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Pat McGowan 40:03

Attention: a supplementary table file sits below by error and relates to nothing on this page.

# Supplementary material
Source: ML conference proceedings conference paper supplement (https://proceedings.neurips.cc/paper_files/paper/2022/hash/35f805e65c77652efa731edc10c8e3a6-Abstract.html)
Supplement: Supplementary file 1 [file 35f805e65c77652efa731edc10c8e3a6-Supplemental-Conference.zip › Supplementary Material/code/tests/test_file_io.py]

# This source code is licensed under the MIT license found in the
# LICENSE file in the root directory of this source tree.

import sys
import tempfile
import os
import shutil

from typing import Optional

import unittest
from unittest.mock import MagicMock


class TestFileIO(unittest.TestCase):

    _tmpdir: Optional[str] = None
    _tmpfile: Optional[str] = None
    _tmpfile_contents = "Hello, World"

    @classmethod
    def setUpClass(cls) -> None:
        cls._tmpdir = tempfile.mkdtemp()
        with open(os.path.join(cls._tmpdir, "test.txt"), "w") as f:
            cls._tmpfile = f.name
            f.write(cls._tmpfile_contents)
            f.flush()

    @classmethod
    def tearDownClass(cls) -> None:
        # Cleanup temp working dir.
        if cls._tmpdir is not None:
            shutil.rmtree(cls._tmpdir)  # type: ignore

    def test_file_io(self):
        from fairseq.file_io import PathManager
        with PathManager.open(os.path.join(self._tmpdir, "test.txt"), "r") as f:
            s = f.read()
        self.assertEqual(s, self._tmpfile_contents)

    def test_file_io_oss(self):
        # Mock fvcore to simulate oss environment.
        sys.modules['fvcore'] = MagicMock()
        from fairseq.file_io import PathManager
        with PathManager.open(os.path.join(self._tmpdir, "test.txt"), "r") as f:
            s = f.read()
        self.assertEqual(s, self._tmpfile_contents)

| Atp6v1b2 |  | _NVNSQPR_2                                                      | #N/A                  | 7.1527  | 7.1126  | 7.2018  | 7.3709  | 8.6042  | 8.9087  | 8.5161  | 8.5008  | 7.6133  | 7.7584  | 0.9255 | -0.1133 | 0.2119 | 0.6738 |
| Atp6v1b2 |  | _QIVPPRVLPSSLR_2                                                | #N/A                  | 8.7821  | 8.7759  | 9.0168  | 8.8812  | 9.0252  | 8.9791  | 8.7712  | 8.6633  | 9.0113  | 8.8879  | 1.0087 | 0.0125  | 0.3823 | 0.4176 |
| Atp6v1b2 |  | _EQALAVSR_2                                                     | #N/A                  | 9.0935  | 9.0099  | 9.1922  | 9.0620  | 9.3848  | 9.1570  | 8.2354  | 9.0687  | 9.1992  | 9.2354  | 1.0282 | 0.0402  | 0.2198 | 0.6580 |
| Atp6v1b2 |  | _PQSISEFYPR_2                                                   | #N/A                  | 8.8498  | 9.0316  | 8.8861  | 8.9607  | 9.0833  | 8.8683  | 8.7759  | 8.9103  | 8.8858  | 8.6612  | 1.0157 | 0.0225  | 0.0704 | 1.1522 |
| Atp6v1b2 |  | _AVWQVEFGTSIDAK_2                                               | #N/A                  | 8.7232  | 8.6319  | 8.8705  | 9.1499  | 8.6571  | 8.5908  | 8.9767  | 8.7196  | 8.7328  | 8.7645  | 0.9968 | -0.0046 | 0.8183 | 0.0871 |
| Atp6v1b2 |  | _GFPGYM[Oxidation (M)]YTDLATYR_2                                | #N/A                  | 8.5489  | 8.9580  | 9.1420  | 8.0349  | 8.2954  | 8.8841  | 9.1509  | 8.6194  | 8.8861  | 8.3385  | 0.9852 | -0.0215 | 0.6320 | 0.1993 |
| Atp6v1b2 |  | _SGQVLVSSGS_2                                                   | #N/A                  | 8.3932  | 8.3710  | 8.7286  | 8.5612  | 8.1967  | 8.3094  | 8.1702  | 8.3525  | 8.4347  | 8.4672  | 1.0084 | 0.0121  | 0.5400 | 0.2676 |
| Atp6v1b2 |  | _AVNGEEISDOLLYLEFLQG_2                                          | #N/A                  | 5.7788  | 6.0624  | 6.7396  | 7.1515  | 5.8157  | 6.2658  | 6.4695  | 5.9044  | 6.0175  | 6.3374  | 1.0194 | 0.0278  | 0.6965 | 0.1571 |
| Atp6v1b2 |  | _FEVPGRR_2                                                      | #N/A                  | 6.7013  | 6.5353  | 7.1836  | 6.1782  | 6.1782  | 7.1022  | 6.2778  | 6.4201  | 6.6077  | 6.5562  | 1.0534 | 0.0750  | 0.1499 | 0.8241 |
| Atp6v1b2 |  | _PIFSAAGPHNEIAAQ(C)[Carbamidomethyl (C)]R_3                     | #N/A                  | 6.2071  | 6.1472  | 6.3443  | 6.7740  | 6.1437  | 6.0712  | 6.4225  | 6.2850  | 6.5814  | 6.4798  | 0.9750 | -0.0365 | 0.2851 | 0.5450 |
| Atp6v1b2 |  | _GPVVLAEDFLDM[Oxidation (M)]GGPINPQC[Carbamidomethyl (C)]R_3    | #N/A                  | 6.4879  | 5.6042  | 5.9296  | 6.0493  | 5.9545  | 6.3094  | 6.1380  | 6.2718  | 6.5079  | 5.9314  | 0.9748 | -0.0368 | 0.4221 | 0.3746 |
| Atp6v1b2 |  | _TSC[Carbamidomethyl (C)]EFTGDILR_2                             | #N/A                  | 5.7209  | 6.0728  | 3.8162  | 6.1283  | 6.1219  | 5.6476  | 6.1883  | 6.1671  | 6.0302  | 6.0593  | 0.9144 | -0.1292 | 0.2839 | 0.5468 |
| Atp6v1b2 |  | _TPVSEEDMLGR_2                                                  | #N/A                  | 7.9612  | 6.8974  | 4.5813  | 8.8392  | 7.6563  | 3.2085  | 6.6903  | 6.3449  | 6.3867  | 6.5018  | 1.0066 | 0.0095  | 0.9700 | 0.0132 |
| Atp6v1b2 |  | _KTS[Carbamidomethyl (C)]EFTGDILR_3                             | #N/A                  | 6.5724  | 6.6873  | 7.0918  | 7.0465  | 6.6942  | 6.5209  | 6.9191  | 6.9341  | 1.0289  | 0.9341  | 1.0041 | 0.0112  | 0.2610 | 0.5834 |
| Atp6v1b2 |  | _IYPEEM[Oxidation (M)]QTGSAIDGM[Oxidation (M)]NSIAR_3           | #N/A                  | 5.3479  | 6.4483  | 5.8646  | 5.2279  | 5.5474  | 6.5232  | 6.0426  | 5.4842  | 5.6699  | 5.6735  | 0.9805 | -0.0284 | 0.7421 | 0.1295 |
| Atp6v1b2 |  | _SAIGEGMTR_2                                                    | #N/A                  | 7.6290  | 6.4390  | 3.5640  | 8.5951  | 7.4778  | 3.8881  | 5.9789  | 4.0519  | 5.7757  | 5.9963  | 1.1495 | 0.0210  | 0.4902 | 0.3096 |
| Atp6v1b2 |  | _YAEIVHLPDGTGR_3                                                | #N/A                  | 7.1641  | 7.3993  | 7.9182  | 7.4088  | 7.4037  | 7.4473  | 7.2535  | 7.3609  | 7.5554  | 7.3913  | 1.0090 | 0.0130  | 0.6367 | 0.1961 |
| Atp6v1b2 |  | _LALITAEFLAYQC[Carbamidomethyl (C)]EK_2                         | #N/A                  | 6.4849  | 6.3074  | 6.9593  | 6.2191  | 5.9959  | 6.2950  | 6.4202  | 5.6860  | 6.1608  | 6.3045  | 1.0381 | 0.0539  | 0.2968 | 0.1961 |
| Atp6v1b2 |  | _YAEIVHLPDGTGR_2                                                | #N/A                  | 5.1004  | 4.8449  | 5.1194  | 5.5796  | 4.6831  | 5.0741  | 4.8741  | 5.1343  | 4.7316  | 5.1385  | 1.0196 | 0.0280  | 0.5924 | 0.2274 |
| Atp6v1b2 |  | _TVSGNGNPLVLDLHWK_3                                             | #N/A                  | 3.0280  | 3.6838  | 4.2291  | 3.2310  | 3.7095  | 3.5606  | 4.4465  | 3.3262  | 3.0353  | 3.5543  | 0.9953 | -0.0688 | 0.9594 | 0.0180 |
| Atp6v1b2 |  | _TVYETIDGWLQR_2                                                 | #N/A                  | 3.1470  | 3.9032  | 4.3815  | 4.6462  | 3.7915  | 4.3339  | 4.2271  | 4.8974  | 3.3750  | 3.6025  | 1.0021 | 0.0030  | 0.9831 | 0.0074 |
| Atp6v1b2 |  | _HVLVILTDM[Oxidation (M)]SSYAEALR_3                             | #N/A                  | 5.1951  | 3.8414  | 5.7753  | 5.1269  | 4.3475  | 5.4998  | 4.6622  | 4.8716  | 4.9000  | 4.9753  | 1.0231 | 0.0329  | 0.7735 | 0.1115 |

to a team of one or two doing work that didn't have an office probably weren't insured. You know what I mean? Didn't have staff. So all of this happened at the same time. So here I am sitting there a 25 year veteran of the business. And yeah, we did get disrupted, we got disrupted at three levels. We have in 19, or 2015, we had four, I believe, for broadcast projects cancelled. Because at whatever, there were three different broadcasters involved, we're laying people off. So you know, there were just canceling series, and we had four series canceled was a huge amount of money involved. So yeah, we got hit pretty hard. So I'm sitting in my boardroom with my wife. And I'm, I'm like, Okay, we're not making money, who's making money? What's going on here? So we sat, and we did a bunch of research. And we concluded that there were two ends of the spectrum that were making money, there was the YouTube crowd. And that was prior to the YouTube pocalypse that happened a year or so ago. And that was before they changed the monetization. But that's another problem that we can talk about. But there were a lot of YouTubers were making money. And we found, you know, we just said, let's go look at the top 10 YouTubers and see who's making money and see what they're making. And you know, as a kind of a trained, experienced filmmaker, it was pretty shocking, because I hadn't paid much attention to YouTube's Stupid me. And you're kind of looking at going, wow, this stuff is popular. Why? Well, you know, we kind of figured with a couple of things. It was probably because a four year old sitting in the back of mommy's SUV, hitting the iPad again and again and again. And people were making millions of dollars. There's this one channel we found called Disney collector. And this is a Hispanic woman with really nice, Blinky fingernails, and a really sweet sounding boys, who shows you how to use Play Doh. Right? Disney character playdough shit. And the woman has has now got 250 million views on one of her videos, or more. And she's were purported to make $12 million a year or more from her YouTube box. Okay, so that's just a wild an eye opener. And then I looked at the other end of the spectrum with Netflix and Netflix had not even started to I mean, I don't even think Orange is the New Black had been produced 2015 Yeah, maybe it was that I guess they're going into season four, at any rates, and we started to think, Okay, well, we've got this distribution platform that's actually starting to create content. So what they're doing is they're aggregating the rights to intellectual property at the top of their organization. And producers who used to make shows own shows, and license shows to broadcasters, are not going to be able to do that for very long. So maybe you kind of think, you know, the term that I believe came to me at the time was user generated content. So you've got YouTubers making user generated content, and you got Netflix making user generated content. But we're creators and all of that. Well, in the YouTube case, you've got one or two people making the stuff there are very many teams of trained people doing it, although there's lots of cool stuff going on in YouTube right now. But in the in the Netflix example, basically, creators were turned into workers. So and that's not bad, when the rates are good and everything, but as I understand it, you know, the rates are dropping. And the people that I know, in markets where, you know, big platforms are making a lot of content. The rates are static, and they're still installed. And even studio owners and equipment rental houses are getting really, really pushed down rate. So basically, you know, everybody's making money except Netflix. And people who want a gig in this industry, you know, they're really just looking for work. And they're being forced to take longer hour days for less money. And I'm not saying that's happening everywhere. Lots of people are gonna say, Hey, man, that's not true where I am or whatever, but it is true where a lot of people are, because through our platform, I hear these people, I know them, and they want a better deal. So I decided to create a platform that was all about creators, being able to do user generated content alone or in groups, and gain access to global markets not have to sell themselves as workers, but convert to being own Because of the content that they make, and take advantage of all the licensing fees, longtail revenue, or residuals, they're all the terms apply and do better in their lives. And we want to do that on a global context, where every creator all over the world actually has the same access, because they have the same access to technology and tools, but they don't have the same access to markets and business systems. So what we designed as a platform that is really has really captured and automated all of the things that creators need, in order to work together to make content to co own the content, and to share and the revenue streams have to develop through these new digital platforms. So we think it's really revolutionary.